8.  This widespread devotion to the Blessed Mother goes back to the origins of Christianity in the Philippines.  As early as 1571 we find ancient statues of Mary, like Nuestra Señora de Guia, now venerated in the Ermita Church and whose origins are somehow lost in the folkloric details of legend, and Our Lady of the Rosary in Manila whose origin dates back to 1587.5

9.  Among the titles under which Mary is venerated in the Philippines, two are particularly prominent:  the Immaculate Conception and Our Lady of the Rosary.  The invocation of the Immaculate Conception goes back to the year 1578 when Pope Gregory XIII in a Bull issued on February 6 decreed that the Manila Cathedral should be erected under the invocation of the Conception  of the Blessed Virgin Mary.6 Clement VIII decreed on 13 August 1595 that the Cathedrals of Nueva Segovia and Caceres also be erected under the same title of the Immaculate Conception.  Moreover, one of the three ships that reached the Philippines in the first voyage of Magallanes in 1521 was the “Concepcion,” named after the Immaculate Conception, together with the ships “Trinidad” and “Victoria.”  Hence the Islands before being named Filipinas, and even before the name of Christ had begun to be preached, saw on these shores the name of Mary under her title of the Immaculate Conception.

10.  The veneration to Our Lady under the title of the Rosary goes back to 1587 when her statue was brought to the Philippines.  A confraternity was established in 1588.  Nuestra Señora de la Naval occupies a place of honor among the national shrines dedicated to Mary in the Philippines.7 The Blessed Mother was referred to as the Senora Grande de Filipinas on account of the many favors attributed to her.  The recitation of the Rosary became a popular practice8 which has more than one analogy with the popularity that the novena to Our Lady of Perpetual Help enjoys today.

Various Practices of Devotion

11.  As other examples of paraliturgical devotions in her honor, we may mention novenas to the Blessed Mother as preparation for the patronal feast.9 These include the special weekly novena to Our Lady of Perpetual Help, now very popular in the Philippines.

12.  The Block Rosary is practised in some parts of the Archipelago.  It offers a good example of a devotion that is connected with the visit of images or statues of Mary from house to house and from one family to another, where special veneration is given to Mary during the term of the image’s stay.

13.  A familiar sight in many homes, even of modest income, is what can be called the “family altar .”  In most families the image venerated is the image of the Virgin Mary under one of her familiar invocations.  This fact, more than any other, constitutes a proof of how deeply rooted the veneration to Mary is in the socio-religious structure of the Filipino Christian family.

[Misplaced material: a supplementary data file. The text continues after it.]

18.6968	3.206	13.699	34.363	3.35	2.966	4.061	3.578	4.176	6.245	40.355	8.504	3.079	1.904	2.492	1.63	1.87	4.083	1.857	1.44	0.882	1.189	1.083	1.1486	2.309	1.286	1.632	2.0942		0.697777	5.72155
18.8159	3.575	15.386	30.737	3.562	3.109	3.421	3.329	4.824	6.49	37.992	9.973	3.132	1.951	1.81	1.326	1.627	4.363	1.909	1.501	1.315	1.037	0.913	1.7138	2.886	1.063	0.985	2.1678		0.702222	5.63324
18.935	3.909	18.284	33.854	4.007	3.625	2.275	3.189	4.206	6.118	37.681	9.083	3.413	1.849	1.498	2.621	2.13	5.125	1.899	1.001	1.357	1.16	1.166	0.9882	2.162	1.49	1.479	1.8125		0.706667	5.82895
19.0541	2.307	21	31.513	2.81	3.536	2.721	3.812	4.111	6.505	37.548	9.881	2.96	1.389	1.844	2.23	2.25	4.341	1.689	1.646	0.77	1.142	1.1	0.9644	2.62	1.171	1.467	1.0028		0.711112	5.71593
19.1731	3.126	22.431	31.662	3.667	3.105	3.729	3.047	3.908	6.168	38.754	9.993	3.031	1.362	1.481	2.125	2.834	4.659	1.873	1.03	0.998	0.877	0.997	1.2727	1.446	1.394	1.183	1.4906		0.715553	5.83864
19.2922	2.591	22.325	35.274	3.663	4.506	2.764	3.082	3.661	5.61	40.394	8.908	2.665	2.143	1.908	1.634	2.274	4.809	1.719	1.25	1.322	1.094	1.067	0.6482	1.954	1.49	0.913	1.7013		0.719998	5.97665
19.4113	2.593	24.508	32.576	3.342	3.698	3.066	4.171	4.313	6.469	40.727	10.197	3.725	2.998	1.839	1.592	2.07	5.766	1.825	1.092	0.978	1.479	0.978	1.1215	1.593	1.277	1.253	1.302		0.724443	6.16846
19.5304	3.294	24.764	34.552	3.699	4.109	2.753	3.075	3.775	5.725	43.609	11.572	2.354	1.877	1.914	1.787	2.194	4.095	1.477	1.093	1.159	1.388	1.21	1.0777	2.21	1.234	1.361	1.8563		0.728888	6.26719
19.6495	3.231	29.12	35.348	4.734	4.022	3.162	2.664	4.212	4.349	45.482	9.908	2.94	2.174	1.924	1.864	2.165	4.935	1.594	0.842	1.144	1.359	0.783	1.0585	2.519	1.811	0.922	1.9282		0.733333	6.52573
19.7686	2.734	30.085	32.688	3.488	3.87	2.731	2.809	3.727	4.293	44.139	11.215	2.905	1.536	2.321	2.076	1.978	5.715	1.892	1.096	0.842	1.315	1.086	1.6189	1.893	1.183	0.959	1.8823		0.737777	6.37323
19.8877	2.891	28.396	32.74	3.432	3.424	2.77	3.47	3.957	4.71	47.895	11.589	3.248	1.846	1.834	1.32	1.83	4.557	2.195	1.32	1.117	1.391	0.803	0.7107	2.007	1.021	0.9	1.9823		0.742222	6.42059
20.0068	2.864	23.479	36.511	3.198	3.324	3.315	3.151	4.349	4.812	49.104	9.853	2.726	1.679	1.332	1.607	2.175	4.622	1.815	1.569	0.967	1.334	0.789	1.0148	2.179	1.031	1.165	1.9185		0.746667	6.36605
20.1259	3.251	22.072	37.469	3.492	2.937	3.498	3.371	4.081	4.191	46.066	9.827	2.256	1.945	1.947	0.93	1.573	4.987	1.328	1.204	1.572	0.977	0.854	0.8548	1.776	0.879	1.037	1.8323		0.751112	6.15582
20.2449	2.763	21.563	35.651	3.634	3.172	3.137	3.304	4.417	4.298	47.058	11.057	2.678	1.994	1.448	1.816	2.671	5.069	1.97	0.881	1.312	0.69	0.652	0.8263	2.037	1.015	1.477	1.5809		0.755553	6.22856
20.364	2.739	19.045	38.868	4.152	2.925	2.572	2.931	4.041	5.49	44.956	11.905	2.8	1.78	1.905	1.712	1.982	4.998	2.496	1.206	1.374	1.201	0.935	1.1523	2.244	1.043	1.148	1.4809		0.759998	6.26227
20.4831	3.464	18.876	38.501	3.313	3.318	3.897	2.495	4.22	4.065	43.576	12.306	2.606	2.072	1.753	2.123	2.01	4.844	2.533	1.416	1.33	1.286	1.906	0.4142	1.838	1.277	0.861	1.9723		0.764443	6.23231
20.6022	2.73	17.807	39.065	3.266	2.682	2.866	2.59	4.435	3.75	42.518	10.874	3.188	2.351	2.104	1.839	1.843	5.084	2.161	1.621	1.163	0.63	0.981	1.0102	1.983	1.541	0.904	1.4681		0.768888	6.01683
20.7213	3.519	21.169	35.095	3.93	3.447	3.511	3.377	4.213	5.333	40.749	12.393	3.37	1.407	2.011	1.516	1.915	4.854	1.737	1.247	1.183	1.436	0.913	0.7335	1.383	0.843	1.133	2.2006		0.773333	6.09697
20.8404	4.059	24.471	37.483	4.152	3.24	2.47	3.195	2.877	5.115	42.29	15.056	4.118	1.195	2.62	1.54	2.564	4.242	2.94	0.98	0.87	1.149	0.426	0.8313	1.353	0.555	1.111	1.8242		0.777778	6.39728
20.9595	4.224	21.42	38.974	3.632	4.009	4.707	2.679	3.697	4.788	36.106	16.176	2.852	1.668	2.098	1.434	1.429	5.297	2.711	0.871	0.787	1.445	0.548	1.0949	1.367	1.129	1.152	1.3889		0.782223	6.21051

14.  The various manifestations of popular piety towards the Mother of God appear not only in the number of churches, chapels, or shrines consecrated to her, but in many other forms, ranging from the liturgical celebration of her feasts throughout the year to religious calendars with the holy picture of Mary — not always of the most artistic nature, it must be acknowledged — in the most humble nipa huts or in the slums of the cities, to her picture in public vehicles, buses or jeepneys.  Grottoes dedicated to the Immaculate Conception under the invocation of Lourdes are found in private gardens or in various public places, along the roads or in corners of modest dwellings.10

15.  The endless symphony of Marian names in the baptismal records of our parishes constitutes by itself a tribute to the devotion of our people to the Mother of God.  It may be safely said that of the names of saintly women imposed in Baptism, none is more frequently found than the name of Mary either expressly or in one of her many titles.11

The Liturgical Year

16.  The liturgical year has its climax in the solemnity of Easter, but within the year the Church recalls the mysteries of Redemption, thus opening to her faithful “the riches of her Lord’s powers and merits, so that they are in some way made present at all times, and the faithful are enabled to lay hold of them and become filled with saving grace.”  “In celebrating this annual cycle of Christ’s mysteries, the Church honors with special love the Blessed Mary Mother of God, who is  joined by an inseparable bond to the saving work of her Son.  In her the Church holds up and admires the most  excellent fruit of the redemption.”12

17.  Thus we find various feasts of Mary celebrated in the Philippines.  We find her feasts particularly in the Christmas cycle which comprises the Aguinaldo Masses where the traditional celebration is the Mass of the Blessed Virgin Mary, New Year’s day when the Church celebrates the feast of the Solemnity of Mary, Mother of God, the feast of the Holy Family which falls within the octave of Christmas, and the feast of the Purification, now called the Presentation of Our Lord, and popularly known in the Philippines as La Candelaria.